There's a quote I've seen going around the internet from Sheryl Sandberg about little girls: "I want every little girl who is told she is bossy to instead be told she has leadership skills."
No. Please, please don't do this.
First of all, it's normal for little kids (both boys and girls) to go through a phase of telling other kids what to do. We shouldn't be labeling them "bossy" no matter who they are, because this is a normal phase that some kids go through. Probably as a reaction to the fact that they still are told what to do all day long by adults, so they think this is the way they should interact with others. The point is, though, that this isn't behavior that will help them in life, so we work with them to stop telling others what to do and expecting other to want to go along. As we work to change the behavior we also shouldn't stress out about it because it is a normal phase.
But it's not an adaptive social skill. And it's definitely NOT leadership.
A lot of the world used to think that leadership is about who shouts the loudest, or makes people cry, or tells the most people what to do in a firm voice. But that's not real leadership, and it's hurt more people and organizations than we can count. Do we want to live or work inside Glengarry Glen Ross or Gordon Ramsey's kitchen? Do we want to feel like the only way to get great things done is by either yelling at people or being yelled at?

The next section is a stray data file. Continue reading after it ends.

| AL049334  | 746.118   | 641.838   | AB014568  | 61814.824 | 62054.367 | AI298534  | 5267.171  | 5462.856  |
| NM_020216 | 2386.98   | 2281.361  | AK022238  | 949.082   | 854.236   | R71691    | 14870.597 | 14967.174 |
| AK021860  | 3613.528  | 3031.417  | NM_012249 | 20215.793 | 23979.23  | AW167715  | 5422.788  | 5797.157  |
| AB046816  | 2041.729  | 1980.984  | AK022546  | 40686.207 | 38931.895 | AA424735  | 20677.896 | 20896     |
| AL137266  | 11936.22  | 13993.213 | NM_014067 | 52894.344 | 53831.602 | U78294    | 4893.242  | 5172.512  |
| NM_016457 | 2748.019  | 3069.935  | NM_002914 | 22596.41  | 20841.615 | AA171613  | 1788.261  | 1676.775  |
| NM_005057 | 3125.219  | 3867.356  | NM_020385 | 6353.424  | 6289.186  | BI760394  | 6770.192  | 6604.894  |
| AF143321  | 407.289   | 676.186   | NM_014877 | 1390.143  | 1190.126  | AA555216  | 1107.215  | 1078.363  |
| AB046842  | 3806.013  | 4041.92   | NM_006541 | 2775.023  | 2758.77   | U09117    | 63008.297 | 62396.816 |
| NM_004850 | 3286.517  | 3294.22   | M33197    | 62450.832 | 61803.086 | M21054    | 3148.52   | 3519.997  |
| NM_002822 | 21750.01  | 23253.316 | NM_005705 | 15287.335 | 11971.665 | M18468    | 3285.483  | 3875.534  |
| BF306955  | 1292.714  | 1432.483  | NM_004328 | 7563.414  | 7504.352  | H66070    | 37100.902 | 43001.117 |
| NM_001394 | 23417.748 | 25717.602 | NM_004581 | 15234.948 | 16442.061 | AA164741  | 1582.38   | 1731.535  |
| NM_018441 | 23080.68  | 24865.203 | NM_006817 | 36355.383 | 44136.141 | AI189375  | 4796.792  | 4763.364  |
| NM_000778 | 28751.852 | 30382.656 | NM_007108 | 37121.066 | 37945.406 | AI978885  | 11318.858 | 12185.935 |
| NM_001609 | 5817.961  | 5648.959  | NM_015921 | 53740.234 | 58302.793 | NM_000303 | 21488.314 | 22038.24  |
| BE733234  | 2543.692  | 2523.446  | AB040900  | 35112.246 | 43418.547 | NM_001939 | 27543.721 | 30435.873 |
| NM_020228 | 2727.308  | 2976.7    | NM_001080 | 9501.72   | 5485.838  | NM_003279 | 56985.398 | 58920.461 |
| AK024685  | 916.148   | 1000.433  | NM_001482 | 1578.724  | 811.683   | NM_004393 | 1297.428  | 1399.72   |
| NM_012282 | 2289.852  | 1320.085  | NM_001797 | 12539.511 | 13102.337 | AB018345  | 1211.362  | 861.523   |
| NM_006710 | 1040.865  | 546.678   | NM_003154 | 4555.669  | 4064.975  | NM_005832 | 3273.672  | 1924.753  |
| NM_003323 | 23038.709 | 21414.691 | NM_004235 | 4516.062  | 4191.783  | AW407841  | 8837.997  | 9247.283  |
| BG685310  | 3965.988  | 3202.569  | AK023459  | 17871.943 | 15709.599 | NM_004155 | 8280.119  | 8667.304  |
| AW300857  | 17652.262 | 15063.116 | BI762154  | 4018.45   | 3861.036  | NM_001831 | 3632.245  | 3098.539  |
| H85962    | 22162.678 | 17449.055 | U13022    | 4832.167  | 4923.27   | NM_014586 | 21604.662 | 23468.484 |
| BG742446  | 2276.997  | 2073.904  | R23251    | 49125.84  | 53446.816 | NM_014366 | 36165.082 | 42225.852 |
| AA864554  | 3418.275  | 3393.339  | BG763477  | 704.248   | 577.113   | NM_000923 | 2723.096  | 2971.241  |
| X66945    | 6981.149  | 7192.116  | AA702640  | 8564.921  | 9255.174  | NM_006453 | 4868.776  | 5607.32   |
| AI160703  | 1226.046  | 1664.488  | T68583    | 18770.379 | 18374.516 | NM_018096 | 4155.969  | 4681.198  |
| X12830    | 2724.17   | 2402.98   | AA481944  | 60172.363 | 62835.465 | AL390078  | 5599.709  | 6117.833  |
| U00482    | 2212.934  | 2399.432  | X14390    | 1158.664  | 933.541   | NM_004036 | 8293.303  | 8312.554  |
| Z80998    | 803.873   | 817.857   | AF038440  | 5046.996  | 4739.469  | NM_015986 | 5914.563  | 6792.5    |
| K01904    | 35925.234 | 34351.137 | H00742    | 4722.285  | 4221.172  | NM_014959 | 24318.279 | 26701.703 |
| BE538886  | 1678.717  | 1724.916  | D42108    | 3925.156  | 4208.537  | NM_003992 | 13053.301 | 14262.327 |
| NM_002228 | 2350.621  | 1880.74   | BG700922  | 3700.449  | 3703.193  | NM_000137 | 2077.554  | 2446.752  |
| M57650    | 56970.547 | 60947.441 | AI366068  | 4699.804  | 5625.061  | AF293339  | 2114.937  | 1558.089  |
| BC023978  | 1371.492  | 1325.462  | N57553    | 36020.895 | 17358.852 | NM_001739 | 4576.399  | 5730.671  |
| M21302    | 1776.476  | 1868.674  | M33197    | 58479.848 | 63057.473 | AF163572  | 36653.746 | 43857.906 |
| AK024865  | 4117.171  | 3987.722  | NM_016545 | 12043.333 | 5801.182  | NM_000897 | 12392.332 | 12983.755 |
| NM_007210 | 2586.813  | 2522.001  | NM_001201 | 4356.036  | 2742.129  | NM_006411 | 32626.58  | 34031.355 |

Over the last few decades there's been tons and tons of research into effective leadership. And what's been found is that leadership consists of:
- acting in a way that gives others faith in your abilities to make good decisions for the organization
- treating others with respect and creating situations in which they can succeed and grow
- asking tough questions and acting responsibly on the answers to those questions
- bringing out the best in others so that they want to contribute to the organization
So if we want to teach our daughters (and sons) leadership skills--and I think we do--we should be teaching them how to work with others in a respectful way that makes the others want to be part of something exciting and productive. Whether it's building a sand castle at the playground or dividing up Matchbox cars at a playdate or doing a group project in middle school, kids can learn to be real leaders that other people are excited to follow.
But don't tell your kids they're doing something great when they're not. They're too smart and competent to be lied to. And, unlike Tom Cruise in "A Few Good Men," they CAN handle the truth, especially when we model the better way for them.